Go deeper: Read the full story

🇪🇺 3. European elections set 20-year turnout record

European flag
Illustration: Sarah Grillo/Axios

The results are flowing in from the European Parliament elections, a massive, 4-day democratic exercise spanning 28 countries, 400 million voters and hundreds of parties all vying for a voice in the 751-seat assembly, Axios' Zach Basu writes.

Why it matters: With nationalism resurgent, this election was critical for those who want to preserve and further integrate the 62-year-old EU — as well as those who want it dismantled from within.

5 key takeaways:

  1. Record turnout: Traditionally a low-interest contest akin to the U.S. midterms, preliminary numbers show voter turnout increased from the last cycle for the first time since the first elections were held in 1979.
  2. Europe's political center crumbles: As projected, the center-right conservatives (EPP) and center-left socialists (S&D) lost their combined majority, ending the "grand coalition" that had governed the parliament for the last 40 years.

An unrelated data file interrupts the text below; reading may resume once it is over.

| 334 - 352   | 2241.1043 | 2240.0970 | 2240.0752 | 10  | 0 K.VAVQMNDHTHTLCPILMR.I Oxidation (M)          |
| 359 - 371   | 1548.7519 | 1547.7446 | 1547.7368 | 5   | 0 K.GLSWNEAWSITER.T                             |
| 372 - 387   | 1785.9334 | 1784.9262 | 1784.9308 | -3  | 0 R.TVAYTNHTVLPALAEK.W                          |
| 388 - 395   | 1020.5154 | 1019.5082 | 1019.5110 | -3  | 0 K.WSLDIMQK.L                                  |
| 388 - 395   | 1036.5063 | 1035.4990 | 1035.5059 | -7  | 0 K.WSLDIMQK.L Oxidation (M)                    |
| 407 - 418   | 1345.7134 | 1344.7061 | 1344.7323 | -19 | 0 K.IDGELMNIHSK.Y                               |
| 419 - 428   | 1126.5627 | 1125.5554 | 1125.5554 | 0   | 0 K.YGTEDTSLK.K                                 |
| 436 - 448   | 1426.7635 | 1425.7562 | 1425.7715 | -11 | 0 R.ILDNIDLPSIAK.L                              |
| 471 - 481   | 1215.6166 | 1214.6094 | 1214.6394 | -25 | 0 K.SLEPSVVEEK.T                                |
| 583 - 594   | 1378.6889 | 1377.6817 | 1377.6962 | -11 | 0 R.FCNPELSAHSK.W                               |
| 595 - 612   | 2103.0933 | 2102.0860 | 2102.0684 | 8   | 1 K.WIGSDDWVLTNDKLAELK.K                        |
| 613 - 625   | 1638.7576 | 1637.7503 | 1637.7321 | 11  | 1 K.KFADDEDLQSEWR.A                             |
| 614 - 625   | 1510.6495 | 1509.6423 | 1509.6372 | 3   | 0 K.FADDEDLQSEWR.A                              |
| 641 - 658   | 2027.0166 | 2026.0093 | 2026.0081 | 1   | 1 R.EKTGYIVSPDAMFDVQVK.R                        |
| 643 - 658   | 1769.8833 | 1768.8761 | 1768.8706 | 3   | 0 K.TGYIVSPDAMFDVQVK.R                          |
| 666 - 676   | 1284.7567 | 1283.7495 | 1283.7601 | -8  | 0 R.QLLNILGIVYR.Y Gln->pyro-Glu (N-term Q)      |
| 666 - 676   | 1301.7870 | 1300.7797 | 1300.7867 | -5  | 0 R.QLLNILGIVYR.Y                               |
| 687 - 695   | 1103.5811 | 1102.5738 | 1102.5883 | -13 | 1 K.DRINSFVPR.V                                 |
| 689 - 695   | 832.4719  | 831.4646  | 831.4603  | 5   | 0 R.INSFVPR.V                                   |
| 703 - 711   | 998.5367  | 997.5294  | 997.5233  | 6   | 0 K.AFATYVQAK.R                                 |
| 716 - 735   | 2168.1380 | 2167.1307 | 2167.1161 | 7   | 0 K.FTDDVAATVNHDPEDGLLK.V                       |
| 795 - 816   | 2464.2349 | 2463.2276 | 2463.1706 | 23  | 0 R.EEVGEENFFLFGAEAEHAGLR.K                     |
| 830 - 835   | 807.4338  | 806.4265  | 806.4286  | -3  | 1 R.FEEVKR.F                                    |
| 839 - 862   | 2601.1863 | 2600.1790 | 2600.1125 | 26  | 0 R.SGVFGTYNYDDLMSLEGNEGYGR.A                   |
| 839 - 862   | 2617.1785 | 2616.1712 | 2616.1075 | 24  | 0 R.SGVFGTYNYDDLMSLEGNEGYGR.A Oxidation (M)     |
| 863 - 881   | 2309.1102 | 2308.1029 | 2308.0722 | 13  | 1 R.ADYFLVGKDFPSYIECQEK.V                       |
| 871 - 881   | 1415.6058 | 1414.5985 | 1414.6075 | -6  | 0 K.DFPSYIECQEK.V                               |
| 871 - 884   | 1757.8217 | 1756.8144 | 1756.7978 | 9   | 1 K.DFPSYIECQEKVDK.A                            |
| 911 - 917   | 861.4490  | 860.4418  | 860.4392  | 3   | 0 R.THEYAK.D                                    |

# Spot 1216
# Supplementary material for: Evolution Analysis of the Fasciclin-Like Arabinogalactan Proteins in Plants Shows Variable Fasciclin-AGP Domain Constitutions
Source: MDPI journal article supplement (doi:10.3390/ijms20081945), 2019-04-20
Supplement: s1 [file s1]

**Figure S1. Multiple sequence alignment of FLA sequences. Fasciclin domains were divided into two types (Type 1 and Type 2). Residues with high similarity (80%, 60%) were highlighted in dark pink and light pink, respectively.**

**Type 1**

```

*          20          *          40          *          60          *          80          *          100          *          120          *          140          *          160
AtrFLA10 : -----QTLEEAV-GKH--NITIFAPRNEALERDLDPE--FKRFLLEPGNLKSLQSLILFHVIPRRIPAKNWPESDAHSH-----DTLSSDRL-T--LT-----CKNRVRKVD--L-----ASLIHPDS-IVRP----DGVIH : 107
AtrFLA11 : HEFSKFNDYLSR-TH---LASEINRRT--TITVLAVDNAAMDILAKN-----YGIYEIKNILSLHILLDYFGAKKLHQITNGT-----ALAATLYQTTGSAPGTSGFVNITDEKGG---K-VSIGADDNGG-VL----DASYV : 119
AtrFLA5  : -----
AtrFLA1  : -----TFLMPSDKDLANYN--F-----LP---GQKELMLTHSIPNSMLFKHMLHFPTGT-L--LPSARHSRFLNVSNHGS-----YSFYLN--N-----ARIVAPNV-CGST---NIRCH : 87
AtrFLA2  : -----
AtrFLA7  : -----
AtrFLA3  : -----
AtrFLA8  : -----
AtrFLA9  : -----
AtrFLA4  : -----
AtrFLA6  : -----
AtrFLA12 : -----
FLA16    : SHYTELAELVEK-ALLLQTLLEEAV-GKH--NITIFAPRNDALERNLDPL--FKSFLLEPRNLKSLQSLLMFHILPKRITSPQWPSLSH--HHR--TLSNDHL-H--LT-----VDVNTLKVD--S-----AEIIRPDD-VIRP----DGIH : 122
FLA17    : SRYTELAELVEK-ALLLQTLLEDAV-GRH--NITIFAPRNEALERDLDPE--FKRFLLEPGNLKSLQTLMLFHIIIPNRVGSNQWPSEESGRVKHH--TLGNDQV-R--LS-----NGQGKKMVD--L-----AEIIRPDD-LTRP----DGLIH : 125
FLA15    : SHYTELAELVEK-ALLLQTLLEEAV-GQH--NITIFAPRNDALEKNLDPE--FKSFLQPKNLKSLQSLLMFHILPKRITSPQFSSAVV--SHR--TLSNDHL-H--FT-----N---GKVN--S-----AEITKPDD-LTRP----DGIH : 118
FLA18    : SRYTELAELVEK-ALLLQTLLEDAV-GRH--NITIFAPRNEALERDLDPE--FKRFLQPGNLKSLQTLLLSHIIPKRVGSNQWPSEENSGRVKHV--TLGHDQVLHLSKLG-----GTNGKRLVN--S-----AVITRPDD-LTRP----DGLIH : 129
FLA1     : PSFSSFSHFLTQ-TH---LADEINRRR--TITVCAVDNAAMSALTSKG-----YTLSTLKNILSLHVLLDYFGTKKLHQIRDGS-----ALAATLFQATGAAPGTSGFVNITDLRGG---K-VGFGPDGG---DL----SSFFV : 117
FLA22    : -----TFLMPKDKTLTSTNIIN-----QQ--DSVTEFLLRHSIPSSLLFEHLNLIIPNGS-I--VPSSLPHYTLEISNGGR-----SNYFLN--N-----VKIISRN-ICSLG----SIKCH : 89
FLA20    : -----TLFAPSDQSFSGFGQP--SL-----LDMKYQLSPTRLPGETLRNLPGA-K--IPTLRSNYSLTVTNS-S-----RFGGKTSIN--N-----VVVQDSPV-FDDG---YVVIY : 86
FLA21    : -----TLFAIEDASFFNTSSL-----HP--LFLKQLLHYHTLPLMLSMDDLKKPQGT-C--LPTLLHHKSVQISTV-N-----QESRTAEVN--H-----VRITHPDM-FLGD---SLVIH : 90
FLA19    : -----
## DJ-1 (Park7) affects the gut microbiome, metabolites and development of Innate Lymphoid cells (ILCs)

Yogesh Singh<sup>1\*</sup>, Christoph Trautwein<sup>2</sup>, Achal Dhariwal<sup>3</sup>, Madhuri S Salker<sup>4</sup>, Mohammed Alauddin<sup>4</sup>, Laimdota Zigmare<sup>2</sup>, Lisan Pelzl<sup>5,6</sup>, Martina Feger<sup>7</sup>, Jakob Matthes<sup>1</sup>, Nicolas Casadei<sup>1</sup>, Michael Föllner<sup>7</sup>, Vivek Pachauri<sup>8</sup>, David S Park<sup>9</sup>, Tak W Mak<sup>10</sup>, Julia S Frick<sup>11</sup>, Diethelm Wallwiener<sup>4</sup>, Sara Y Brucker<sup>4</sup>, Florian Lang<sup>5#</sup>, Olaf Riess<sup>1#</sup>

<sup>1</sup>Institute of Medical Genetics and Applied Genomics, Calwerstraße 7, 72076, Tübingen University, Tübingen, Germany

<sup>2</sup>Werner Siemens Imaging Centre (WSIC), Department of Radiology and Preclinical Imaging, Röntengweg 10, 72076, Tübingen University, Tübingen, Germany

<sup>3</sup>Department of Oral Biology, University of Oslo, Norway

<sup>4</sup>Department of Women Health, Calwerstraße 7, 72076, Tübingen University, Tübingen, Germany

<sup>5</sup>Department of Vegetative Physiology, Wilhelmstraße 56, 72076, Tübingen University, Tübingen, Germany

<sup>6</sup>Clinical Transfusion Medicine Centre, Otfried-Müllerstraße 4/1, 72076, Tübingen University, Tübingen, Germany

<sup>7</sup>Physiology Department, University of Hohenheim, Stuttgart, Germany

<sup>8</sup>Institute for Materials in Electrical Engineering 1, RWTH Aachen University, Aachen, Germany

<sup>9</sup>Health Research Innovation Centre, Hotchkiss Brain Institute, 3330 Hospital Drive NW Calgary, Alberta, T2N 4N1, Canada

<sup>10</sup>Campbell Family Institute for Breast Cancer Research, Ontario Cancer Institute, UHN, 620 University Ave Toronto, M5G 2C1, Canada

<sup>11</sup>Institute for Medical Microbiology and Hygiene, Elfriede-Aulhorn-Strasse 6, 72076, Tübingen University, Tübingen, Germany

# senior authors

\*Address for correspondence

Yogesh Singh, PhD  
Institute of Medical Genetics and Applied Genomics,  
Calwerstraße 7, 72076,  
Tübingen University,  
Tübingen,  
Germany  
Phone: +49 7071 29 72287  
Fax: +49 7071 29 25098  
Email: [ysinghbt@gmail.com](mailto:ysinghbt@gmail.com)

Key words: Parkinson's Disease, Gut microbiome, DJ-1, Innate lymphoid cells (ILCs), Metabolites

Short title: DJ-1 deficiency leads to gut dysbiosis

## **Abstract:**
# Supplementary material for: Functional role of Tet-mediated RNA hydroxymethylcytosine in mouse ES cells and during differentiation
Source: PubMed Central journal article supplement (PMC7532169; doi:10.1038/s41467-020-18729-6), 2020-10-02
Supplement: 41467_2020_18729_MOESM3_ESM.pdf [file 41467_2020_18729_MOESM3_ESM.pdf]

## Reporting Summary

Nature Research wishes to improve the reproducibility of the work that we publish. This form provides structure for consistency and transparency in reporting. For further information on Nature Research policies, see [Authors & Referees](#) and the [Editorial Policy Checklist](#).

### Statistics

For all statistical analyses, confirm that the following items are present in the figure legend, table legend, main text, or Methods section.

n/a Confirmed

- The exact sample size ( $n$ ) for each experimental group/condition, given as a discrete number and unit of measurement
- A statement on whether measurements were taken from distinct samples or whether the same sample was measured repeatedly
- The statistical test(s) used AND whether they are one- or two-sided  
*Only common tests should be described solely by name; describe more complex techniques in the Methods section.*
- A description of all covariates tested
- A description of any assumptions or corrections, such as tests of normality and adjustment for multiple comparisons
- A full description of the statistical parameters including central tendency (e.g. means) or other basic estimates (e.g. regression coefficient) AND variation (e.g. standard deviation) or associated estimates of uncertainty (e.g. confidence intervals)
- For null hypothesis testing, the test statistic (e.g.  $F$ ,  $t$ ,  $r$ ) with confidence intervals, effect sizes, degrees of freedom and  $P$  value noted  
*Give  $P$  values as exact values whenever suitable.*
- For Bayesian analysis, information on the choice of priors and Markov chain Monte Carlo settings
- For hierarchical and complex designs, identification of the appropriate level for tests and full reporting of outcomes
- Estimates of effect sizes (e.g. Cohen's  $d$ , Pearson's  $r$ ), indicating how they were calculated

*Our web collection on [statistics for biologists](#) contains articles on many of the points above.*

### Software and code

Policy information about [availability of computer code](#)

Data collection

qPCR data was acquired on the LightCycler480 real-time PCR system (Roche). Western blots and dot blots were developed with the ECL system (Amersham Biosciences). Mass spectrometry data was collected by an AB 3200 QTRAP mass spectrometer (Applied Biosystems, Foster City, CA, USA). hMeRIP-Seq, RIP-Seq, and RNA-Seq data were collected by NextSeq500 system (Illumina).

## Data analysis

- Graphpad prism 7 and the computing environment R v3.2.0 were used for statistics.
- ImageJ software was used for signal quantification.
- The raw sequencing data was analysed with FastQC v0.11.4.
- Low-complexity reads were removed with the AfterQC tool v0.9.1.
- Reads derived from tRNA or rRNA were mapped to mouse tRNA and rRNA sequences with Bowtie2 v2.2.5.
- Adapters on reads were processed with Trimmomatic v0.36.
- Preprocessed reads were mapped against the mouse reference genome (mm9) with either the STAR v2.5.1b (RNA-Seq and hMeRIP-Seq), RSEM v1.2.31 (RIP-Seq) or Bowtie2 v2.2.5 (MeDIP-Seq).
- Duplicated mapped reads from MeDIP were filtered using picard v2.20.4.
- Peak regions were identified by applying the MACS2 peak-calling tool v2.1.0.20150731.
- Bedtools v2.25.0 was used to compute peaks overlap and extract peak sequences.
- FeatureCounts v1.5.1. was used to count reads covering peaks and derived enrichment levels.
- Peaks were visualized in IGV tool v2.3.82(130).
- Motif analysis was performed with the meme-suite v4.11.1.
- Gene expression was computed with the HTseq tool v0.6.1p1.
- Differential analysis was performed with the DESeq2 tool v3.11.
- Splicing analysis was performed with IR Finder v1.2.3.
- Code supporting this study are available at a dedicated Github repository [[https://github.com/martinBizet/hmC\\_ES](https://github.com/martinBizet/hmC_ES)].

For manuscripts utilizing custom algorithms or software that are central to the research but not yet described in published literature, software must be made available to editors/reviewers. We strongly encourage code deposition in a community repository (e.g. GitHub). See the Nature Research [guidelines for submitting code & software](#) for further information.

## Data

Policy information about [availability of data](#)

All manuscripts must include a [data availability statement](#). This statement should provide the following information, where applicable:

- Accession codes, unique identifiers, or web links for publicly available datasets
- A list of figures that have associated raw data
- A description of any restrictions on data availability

3. Green wave: In what some commentators are dubbing the "Greta Thunberg effect," Green parties flooded the ballots in northern and western Europe, outperforming Politico Europe's projections by 10 seats and becoming the 4th largest group in parliament.
  4. Nationalists sputter: The overwhelming narrative heading into the elections was that a new crop of far-right, populist parties — emboldened by continent-wide victories in national and regional elections — would take parliament by storm and become kingmakers. Certain nationalist parties like the Sweden Democrats fared well, but the overall gains were modest.
  5. A mixed bag in France: Marine Le Pen's far-right National Rally eked out a victory (23%-22%) over the ardently pro-Europe Macron, but failed to perform as well as in 2014. That comes as a surprise, given the persistent domestic troubles that have sunk Macron's approval rating at home.

4. Sneak pic